Under Jewish law, as set out in the Talmud, there are three alternative ways in which a Jewish marriage may be contracted: by a written document, by an oral contract sealed by giving an item of value, or by permanent cohabitation. The traditional Jewish ceremony is a joyous occasion which combines all of these alternative contractual elements, accompanied by religious blessings and elaborate symbolic ceremonials. However it is the voluntary actions of the parties rather than the words of the celebrant which create the marriage relationship.
Within four days before the wedding, the bride immerses in the ‘mikvah’, a ritual bath fed by pure rain or spring water. Her immersion is accompanied by a blessing and an appropriate prayer. The purpose of the immersion is to effect spiritual purification in preparation for the physical relationship of marriage.
Wedding day fast
It is customary for the bride and groom to fast on the day of the wedding until after the ceremony. This is why the wedding feast is described in English as a ‘breakfast’.
Fasting assists the couple to come to the ‘chuppah’ (wedding canopy and ceremony) in a spirit of solemnity akin to the Jewish Day of Atonement (Yom Kippur). Each one’s sins are forgiven on that day, as it is considered important to enter upon marriage as a new chapter in life with one’s conscience cleared of the errors or lapses of the past.
The bride wears a white dress, reminiscent of the white garments that symbolise purity on the High Holydays. In some congregations the groom wears a ‘tallit’ (prayer shawl). Chassidic bridegrooms wear a white ‘kittel’ (long white cotton coat) – another reminder of the dignity, purity and spirituality of the occasion.
Before the ceremony the bride sits veiled among the women. The groom enters and, in memory of the story of Jacob, Rachel and Leah (Genesis 30; 21-27), he raises the bride’s veil to see her for the first time on that day.
The Marriage Contract (‘Ketuba’)
One of the prescribed elements of a Jewish wedding is the delivery of a written marriage contract by the groom to the bride. This contract is usually signed before the public ceremony. The document, called a ‘ketuba’ or ‘writing’, is often highly ornamented. The form of the document is prescribed in the Mishna, compiled in the third century CE. It includes provision for the wife’s future maintenance by the husband, and provision of a lump sum in case of death or divorce. (In Australia its legal terms are, of course, subject to Australian family law.) The document is read out during the marriage ceremony.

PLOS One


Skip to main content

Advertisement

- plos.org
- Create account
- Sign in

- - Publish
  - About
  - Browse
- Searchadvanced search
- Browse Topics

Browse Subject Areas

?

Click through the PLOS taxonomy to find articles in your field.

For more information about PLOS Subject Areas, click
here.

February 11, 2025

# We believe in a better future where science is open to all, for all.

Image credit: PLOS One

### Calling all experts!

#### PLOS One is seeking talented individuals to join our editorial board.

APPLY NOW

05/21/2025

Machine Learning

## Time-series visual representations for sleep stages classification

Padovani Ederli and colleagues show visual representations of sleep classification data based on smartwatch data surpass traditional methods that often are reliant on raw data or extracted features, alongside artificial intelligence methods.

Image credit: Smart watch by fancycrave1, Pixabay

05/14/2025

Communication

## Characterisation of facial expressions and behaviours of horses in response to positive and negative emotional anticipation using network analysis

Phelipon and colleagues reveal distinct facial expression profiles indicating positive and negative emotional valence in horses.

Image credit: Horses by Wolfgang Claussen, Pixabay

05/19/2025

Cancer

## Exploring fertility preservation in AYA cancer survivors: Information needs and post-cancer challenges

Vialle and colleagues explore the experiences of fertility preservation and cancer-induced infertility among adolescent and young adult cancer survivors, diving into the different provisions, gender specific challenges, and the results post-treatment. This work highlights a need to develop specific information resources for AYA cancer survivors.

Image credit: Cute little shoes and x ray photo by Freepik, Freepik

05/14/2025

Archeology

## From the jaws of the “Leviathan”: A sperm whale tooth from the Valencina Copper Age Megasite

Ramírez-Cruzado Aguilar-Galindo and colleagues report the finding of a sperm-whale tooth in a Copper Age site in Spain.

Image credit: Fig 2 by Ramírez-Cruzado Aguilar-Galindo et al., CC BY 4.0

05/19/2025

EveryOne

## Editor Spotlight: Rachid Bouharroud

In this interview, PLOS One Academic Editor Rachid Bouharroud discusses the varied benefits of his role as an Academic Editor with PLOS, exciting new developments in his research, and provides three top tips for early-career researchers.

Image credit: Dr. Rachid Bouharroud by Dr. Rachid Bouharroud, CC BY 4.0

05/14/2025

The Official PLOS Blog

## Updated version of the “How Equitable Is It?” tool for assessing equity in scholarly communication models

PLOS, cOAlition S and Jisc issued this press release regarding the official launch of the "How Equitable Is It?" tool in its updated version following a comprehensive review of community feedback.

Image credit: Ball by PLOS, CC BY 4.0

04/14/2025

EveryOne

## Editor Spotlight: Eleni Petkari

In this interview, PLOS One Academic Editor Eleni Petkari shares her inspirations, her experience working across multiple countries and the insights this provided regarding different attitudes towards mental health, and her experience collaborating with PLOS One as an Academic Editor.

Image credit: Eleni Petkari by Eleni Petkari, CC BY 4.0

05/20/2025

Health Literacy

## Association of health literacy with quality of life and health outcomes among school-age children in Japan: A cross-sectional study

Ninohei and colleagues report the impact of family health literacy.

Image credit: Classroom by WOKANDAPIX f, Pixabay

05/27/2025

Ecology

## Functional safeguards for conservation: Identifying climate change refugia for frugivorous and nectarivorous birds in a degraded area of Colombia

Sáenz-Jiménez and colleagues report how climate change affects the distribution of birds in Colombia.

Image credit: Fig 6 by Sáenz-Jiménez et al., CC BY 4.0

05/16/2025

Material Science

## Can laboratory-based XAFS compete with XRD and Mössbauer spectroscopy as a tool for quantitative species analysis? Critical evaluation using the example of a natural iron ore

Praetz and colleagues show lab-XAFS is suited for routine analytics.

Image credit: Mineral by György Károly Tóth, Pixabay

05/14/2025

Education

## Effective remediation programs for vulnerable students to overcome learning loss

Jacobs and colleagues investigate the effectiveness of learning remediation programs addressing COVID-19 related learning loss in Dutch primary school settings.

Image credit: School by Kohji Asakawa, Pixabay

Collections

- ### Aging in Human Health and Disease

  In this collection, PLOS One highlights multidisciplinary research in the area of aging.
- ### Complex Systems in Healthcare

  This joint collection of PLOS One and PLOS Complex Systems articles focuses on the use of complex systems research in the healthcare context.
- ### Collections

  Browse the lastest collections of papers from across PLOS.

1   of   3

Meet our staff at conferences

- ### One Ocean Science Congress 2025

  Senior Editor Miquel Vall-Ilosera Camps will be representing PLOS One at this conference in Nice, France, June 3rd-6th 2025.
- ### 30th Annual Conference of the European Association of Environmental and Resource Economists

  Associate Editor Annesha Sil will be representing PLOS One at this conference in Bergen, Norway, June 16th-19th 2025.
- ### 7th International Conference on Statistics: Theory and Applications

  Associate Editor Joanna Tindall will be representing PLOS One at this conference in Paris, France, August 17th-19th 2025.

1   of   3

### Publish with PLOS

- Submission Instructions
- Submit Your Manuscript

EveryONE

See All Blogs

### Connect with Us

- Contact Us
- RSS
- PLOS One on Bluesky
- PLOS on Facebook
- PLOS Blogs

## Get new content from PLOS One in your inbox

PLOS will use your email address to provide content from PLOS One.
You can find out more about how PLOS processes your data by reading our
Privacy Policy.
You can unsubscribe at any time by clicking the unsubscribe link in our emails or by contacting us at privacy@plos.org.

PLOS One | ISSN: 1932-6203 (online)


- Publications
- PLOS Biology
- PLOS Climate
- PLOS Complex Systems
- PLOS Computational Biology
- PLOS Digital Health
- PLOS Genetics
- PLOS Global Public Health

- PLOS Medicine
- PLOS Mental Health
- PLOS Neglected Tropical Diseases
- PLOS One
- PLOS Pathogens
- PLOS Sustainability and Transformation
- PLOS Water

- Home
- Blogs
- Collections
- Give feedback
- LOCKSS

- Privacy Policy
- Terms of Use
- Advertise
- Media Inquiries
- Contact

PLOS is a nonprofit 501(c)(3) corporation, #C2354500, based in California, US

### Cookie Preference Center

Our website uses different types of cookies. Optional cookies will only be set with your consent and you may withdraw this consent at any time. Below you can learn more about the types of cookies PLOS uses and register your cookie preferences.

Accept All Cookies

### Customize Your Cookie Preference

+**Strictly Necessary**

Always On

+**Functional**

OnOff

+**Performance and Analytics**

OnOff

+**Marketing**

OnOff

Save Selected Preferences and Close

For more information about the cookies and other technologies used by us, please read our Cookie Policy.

The public wedding ceremony takes place under a canopy called the ‘chuppah’, which may take the form of a prayer-shawl supported by poles, or which may be a portable structure. The chuppah symbolises the marital home in which husband and wife will create. It can either be set up in the open air or in the formal setting of the synagogue. The groom comes under the chuppah first in order to await the arrival of his bride. The bride stands on his right in fulfilment of the biblical words: “At thy right hand does the queen stand.” (Psalm 45:10). At a Jewish wedding the bride and groom are regarded as royalty.
The parents of both the bride and the groom stand beneath the chuppah at the ceremony. However the operative parts of the ceremony are performed only by the bride and groom, and neither is ‘given away’ by a parent.
The Seven Blessings (‘Sheva Brachot’)
Under the chuppah the cantor sings the Seven Blessings (in Hebrew literally the ‘Sheva Brachot’). The fifth, sixth and seventh blessings are translated below:
“Let the barren city be jubilantly happy and joyful at her joyous reunion with her children. You are blessed, Lord, who makes Zion rejoice with her children.
Let the loving couple be very happy, just as You made Your creation happy in the garden of Eden, so long ago. You are blessed, Lord, who makes the bridegroom and the bride happy.
You are blessed, Lord our G-d, the sovereign of the world, who created joy and celebration, bridegroom and bride, rejoicing, jubilation, pleasure and delight, love and brotherhood, peace and friendship. May there soon be heard, Lord our G-d, in the cities of Judea and in the streets of Jerusalem, the sound of joy and the sound of celebration, the voice of a bridegroom and the voice of a bride, the happy shouting of bridegrooms from their weddings and of young men from their feasts of song. You are blessed, Lord, who makes the bridegroom and the bride rejoice together.”